One such writer was Luis Senarens, 19th-century author of "invention stories." Though Gernsback did not include Senarens in lists of major authors and never reprinted any of his dime novels, he twice published pictorial articles about him, entitled "The American Jules Verne'' (S&I, Oct 1920) and "An American Jules Verne'' (Amz, June 1928), suggesting that he could be compared to Verne, at least as an imaginer of wonderful machines (the focus of the articles). "The Moon Hoax'' (1835) by Richard Adams Locke appeared in the September 1926 Amazing Stories and "The Diamond Lens'' (1858) by Fitz James O'Brien in the December 1926 issue. H. Rider Haggard was mentioned by an editor who said, in response to a reader's request, "We have Rider Haggard in mind'' for a possible reprint (Amz 2:515, Aug 1927), though none ever appeared. Edward Bellamy was listed by Gernsback along with Poe, Verne, and Wells as writers who "have proved themselves real prophets'' (Amz 1:3, Apr 1926). Garrett P. Serviss was named by an editor along with Verne and Wells as "three of our favorite authors'' (Amz 2:413, July 1927), was called one of "the better known scientifiction writers'' by Gernsback (Amz 2:625, Oct 1927), and was represented by three works reprinted in Amazing Stories. A revised edition of M.P. Shiel's 1901 novel The Purple Cloud was reviewed in the December 1930 Wonder Stories (2:761). And Arthur Conan Doyle was named in an editor's letter-response citing as earlier SF "the Wells, Verne, and Conan Doyle classics" (WS 3:132, June 1931).
In associating writers whose careers began in the 19th century with SF, Gernsback, unlike later historians, did not attribute their work to larger events in that era; they were rather persons ahead of their time, "prophets" who anticipated both the value of scientific progress and the value of literature about scientific progress. All on his own, Poe "conceive[d] the idea of a scientific story." Thus, according to Gernsback, 19th-century SF was simply the product of isolated individual geniuses.
To modern critics, Gernsback's account of SF history before 1900 will also seem inadequate because of major omissions; and lacking a background in literature, Gernsback and his associates may have been unaware of possible precursors of SF like Kepler's Somnium, Francis Godwin's The Man in the Moone, or Bulwer-Lytton's The Coming Race.7 In some cases, however, comments by Gernsback and his editors in Amazing Stories show that they were aware of or informed about certain major works but chose not to include them in the history of the genre. Swift's Gulliver's Travels, for example, is mentioned in two responses to hostile letters (Amz 2:99, Apr 1927; 2:310, June 1927), but even though the circumstances were ideal to identify Swift's work as SF, the editor failed to do so. A later response noted that "A writer such as Charles Lamb or Nathaniel Hawthorne, could consider the most ordinary scene and make it literature. But neither could have dipped into science for their subjects, because it would be unfamiliar ground for them" (Amz 3:370, July 1928), thus decreeing that those men never wrote SF. If the only motive Gernsback and his editors had had for discussing SF history was to find famous names to drop which could add prestige to the genre, they would have seized upon such examples instead of neglecting to do so.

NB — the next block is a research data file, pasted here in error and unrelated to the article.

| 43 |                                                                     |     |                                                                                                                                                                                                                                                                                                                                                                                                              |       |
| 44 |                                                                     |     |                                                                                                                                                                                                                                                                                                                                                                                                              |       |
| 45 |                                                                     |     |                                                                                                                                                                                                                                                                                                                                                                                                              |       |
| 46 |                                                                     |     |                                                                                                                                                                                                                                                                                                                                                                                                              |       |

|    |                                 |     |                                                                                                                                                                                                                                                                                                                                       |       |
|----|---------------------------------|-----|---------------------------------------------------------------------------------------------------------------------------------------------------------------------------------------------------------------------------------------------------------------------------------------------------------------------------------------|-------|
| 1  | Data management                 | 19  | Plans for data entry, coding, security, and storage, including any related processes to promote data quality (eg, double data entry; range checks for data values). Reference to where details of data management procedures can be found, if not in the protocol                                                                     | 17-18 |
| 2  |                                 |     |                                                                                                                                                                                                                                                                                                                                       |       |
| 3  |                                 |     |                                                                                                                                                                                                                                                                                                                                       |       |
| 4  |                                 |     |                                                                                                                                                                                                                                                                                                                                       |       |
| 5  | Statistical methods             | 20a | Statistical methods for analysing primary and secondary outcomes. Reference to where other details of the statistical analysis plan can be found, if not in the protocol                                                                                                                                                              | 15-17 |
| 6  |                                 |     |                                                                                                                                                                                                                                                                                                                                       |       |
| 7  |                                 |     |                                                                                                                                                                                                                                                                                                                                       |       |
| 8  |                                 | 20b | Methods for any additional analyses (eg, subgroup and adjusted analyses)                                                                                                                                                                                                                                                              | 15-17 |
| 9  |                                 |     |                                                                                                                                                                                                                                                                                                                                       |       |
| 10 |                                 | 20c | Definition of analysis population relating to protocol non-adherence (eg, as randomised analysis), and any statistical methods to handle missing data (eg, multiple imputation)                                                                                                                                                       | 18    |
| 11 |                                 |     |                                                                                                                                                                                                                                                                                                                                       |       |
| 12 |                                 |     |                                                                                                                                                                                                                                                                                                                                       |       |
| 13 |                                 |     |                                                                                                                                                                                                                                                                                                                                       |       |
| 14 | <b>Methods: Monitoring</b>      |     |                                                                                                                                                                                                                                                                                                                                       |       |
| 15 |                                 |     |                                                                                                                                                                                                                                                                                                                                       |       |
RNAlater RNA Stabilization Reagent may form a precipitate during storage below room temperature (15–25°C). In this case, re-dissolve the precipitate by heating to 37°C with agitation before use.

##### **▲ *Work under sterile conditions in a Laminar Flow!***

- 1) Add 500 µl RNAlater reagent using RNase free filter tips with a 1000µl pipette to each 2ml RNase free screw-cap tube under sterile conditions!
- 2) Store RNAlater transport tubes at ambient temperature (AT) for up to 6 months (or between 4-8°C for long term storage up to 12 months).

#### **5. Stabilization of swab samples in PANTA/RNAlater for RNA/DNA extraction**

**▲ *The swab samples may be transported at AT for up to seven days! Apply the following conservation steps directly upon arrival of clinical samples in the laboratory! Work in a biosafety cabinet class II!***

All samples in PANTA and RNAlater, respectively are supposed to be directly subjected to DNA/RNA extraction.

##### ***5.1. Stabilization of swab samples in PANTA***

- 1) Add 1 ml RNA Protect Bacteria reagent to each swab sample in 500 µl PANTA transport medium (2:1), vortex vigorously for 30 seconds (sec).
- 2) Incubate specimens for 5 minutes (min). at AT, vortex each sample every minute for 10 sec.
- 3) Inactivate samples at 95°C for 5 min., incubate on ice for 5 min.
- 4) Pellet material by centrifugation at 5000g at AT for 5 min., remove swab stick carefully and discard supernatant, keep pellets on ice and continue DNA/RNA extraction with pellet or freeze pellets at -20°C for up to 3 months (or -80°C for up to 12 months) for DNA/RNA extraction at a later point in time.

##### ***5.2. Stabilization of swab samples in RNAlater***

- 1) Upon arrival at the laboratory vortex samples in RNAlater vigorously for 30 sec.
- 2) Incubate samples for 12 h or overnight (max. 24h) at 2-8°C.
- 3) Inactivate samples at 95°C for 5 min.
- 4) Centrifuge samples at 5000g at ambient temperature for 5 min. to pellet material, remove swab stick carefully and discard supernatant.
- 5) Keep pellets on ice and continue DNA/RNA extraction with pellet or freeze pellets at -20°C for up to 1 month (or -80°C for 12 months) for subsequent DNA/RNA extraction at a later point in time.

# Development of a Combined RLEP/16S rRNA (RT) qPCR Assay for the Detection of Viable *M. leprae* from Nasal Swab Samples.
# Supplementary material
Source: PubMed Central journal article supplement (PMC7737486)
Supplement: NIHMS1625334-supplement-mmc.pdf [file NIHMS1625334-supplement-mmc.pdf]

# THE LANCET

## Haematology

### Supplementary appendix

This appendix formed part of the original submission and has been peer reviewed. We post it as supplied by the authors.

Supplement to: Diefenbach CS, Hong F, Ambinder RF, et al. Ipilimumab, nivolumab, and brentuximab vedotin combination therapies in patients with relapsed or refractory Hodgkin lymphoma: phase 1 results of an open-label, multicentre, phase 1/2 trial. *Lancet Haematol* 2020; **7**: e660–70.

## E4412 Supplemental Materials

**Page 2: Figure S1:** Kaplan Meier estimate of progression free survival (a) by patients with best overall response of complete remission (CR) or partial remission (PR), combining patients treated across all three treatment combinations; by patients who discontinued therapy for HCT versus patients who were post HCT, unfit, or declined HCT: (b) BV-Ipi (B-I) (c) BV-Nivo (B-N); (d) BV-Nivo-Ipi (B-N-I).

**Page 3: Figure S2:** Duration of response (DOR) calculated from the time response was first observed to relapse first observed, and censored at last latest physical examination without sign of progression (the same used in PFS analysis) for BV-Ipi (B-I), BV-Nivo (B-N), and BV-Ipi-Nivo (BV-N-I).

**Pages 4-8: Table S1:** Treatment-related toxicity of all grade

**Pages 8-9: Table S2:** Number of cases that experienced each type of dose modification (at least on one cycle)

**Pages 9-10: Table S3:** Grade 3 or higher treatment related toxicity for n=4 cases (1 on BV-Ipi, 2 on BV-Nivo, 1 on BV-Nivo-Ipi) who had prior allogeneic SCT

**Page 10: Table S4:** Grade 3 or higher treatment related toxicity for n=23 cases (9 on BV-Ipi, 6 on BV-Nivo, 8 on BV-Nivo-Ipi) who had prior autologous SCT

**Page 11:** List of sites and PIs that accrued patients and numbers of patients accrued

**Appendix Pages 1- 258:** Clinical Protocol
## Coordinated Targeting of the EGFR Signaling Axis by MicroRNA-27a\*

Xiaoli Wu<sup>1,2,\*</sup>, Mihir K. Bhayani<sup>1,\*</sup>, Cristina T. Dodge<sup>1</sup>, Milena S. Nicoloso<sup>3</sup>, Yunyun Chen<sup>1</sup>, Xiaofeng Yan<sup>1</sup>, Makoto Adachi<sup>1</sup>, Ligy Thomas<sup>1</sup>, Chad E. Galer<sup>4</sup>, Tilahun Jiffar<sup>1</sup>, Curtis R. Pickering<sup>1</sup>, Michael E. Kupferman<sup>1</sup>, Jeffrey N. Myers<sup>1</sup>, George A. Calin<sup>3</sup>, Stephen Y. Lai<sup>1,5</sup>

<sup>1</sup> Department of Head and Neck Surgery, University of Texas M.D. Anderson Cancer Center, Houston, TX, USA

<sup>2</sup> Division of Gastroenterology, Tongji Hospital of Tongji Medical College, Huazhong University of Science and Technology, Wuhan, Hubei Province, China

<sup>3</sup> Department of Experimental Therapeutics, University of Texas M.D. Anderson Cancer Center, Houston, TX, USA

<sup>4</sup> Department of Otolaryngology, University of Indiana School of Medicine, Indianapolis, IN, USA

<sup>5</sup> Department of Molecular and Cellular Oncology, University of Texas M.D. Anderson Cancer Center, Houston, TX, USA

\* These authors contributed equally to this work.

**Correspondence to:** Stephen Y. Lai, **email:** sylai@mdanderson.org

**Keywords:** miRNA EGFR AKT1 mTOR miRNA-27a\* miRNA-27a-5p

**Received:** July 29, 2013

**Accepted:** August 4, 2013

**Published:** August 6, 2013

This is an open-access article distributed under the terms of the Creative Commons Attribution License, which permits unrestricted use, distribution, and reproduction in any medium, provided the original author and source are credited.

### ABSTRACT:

Gernsback's third era of SF, the modern period, is immodestly marked by the emergence of Hugo Gernsback. At one time, Gernsback regarded the crucial date as 1908, when he started publishing Modern Electrics, a magazine that included an SF story in each issue: "I started the movement of SF in America in 1908 through my first magazine, 'MODERN ELECTRICS.' At that time it was an experiment. Science fiction authors were scarce. There were not a dozen worth mentioning in the entire world" (SWS 1:5, June 1929). Over twenty years later, he chose to be a bit more precise in setting a date for the beginning of "modern science fiction":